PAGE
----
Referendum on borough budget set for July 19

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The Board of Mayor and Burgesses met Wednesday night and approved July 19 as the date to hold a referendum on the borough budget. LARAINE WESCHLER
NAUGATUCK — In a few weeks, the voters will decide the fate of Naugatuck’s budget.

The Board of Mayor and Burgesses set July 19 as the day the borough budget will head to referendum during a special meeting June 22. The referendum will be held at Naugatuck Train Station/Historical Society on Water Street from 6 a.m. to 8 p.m.

By Town Charter, the referendum had to be held 22 to 28 days after the board met, an inconvenience that left some burgesses grumbling.

Burgess Pat Scully asked the board to tentatively schedule a meeting for the Thursday following the Tuesday referendum so it could settle the budget as soon as possible.

“The quicker, the better,” said Burgess Ron San Angelo, who hoped the budget wouldn’t be drawn out all summer.

The school and town budgets were forced to referendum through a petition distributed by the Naugatuck Taxpayers in Revolt. Eight percent of registered voters, or 1,395 people, had to sign the petition to force a referendum. At least 1,405 signed the petition for the school board budget, and 1,403 signed the town budget petition, Borough Clerk Nancy DiMeo said.

Borough voters will have the option of voting for the $48.5 million municipal budget and a $57 million school budget separately. If they vote against either budget, they can indicate whether they think it was too high or too low.

If the budget fails, the Joint Boards of Mayor and Burgesses and Board of Finance will have to hold another public hearing before adopting a revised budget. If voters are still not satisfied, they can petition for up to two more referendums.

Even though the referendum is pending, taxes are still due July 1 for the first half of real estate taxes, based on last year’s mill rate.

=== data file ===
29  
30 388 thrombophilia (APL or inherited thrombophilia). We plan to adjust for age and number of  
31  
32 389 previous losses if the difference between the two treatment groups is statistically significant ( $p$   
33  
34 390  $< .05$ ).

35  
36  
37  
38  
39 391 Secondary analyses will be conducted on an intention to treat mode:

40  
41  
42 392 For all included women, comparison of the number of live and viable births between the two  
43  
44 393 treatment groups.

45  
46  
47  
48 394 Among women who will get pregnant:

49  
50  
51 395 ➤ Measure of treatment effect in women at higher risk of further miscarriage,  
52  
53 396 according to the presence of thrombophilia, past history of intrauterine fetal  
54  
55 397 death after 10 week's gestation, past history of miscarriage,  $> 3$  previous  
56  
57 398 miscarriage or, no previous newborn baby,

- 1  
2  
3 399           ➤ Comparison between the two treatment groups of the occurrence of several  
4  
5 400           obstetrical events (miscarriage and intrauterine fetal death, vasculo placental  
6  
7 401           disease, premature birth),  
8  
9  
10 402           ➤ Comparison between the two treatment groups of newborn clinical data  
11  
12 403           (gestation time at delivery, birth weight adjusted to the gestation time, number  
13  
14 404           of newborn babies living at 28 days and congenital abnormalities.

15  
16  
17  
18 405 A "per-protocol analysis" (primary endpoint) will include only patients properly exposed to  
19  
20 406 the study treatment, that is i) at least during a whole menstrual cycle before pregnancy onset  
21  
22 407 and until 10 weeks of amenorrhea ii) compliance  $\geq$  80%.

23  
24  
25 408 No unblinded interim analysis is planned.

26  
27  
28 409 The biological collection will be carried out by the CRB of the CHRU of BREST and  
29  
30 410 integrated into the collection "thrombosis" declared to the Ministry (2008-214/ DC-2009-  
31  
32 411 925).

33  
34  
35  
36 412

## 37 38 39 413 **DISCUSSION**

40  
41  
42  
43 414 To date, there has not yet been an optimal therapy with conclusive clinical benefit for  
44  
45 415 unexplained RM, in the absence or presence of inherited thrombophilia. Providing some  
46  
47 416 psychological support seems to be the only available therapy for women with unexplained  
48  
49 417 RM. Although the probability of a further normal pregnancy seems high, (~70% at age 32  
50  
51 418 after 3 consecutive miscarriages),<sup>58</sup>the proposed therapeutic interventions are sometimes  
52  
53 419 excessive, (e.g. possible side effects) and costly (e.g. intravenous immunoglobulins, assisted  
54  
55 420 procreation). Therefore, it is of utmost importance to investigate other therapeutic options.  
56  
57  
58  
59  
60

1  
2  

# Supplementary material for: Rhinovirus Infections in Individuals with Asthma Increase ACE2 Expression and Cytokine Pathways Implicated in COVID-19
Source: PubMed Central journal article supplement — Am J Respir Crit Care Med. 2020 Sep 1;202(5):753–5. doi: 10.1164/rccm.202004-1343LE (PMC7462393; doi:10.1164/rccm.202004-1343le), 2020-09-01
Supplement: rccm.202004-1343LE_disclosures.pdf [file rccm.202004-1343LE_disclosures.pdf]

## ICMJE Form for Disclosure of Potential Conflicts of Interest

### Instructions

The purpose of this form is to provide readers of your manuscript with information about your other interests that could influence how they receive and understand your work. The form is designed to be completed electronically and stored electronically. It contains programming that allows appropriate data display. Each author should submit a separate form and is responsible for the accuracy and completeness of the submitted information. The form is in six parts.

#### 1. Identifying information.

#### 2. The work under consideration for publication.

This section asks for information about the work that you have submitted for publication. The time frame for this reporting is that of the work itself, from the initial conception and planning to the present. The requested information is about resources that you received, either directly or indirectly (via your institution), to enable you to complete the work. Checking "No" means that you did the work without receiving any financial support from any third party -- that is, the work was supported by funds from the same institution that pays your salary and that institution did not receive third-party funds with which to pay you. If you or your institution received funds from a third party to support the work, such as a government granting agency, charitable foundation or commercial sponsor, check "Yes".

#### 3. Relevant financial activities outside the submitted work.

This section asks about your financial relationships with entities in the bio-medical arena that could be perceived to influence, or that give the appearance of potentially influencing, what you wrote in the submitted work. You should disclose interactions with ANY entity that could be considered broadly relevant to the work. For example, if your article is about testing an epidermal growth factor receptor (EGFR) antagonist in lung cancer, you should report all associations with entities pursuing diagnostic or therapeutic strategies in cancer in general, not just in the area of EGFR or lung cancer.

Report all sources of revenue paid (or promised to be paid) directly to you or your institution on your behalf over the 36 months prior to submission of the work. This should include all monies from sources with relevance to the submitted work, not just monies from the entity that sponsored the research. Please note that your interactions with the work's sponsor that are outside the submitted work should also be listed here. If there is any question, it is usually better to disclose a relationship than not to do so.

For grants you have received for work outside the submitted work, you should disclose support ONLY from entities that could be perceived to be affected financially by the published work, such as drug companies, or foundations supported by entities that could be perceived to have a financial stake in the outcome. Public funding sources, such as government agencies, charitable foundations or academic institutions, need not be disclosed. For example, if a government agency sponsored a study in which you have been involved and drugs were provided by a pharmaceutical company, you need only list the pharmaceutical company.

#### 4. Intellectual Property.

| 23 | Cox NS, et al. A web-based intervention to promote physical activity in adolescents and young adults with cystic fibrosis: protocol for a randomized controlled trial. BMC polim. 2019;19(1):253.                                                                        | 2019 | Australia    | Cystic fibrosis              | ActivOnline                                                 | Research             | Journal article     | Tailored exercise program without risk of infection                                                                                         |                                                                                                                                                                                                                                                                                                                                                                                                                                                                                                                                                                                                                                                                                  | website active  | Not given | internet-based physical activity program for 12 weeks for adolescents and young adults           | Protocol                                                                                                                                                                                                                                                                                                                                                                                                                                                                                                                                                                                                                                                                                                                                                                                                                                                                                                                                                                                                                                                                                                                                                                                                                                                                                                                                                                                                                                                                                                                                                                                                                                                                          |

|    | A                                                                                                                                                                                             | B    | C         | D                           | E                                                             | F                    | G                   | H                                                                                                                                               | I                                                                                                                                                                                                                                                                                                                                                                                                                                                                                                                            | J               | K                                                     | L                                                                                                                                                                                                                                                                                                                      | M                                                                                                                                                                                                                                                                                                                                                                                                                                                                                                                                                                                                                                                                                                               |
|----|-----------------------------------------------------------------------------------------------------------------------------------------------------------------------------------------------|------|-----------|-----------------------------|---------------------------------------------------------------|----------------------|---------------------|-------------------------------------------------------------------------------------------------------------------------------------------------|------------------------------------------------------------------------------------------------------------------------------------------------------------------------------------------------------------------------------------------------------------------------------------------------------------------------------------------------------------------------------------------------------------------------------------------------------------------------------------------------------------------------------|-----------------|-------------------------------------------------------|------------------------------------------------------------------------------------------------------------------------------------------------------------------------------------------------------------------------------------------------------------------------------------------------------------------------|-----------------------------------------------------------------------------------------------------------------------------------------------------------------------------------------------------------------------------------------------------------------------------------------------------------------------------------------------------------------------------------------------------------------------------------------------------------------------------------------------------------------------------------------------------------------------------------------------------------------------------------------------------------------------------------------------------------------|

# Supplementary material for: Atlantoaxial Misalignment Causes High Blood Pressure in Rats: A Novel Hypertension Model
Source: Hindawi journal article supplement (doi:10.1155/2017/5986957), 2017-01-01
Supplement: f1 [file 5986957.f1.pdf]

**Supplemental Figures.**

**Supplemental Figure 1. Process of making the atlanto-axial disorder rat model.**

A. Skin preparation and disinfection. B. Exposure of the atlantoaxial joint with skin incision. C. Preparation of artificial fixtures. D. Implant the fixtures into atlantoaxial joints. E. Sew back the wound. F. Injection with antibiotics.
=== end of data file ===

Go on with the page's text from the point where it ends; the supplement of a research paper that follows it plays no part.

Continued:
The board briefly discussed adding more than one location for the referendum in response to complaints following the last referendum in 2008, but decided to keep it to one location to save on costs.

Less locations means less money for machines, staffing, overtime, and other costs associated with multiple locations. A full referendum with all polling places open costs the town about $15,000, but having only one location open saves about half of that, officials said.

Anyone who can’t make it to the polls can obtain an absentee ballot by calling Borough Clerk Nancy DiMeo at (203) 720-7009 or stopping by the Mayor’s Office to pick up an application and ballot. Ballots will be available July 1 to July 18.

In light of the upcoming referendum, Mayor Robert Mezzo has instructed department heads to hold off on hiring anyone until the budget is resolved.

About five positions are currently open and several others are likely to open in the next few months, Mezzo said.

The borough will make an exception for four part-time animal control employees on the verge of being hired to replace vacancies left by recent upheaval at the animal control facility. The police department is currently dealing with the day-to-day operations of the facility, and the new hires are badly needed, Mezzo said.

The borough will also move forward with hiring part-time summer help for the Park and Recreation Department’s summer programs, Mezzo said.

If the budget fails and the joint boards decide to eliminate positions, they will not necessarily be the positions held open now, Mezzo added.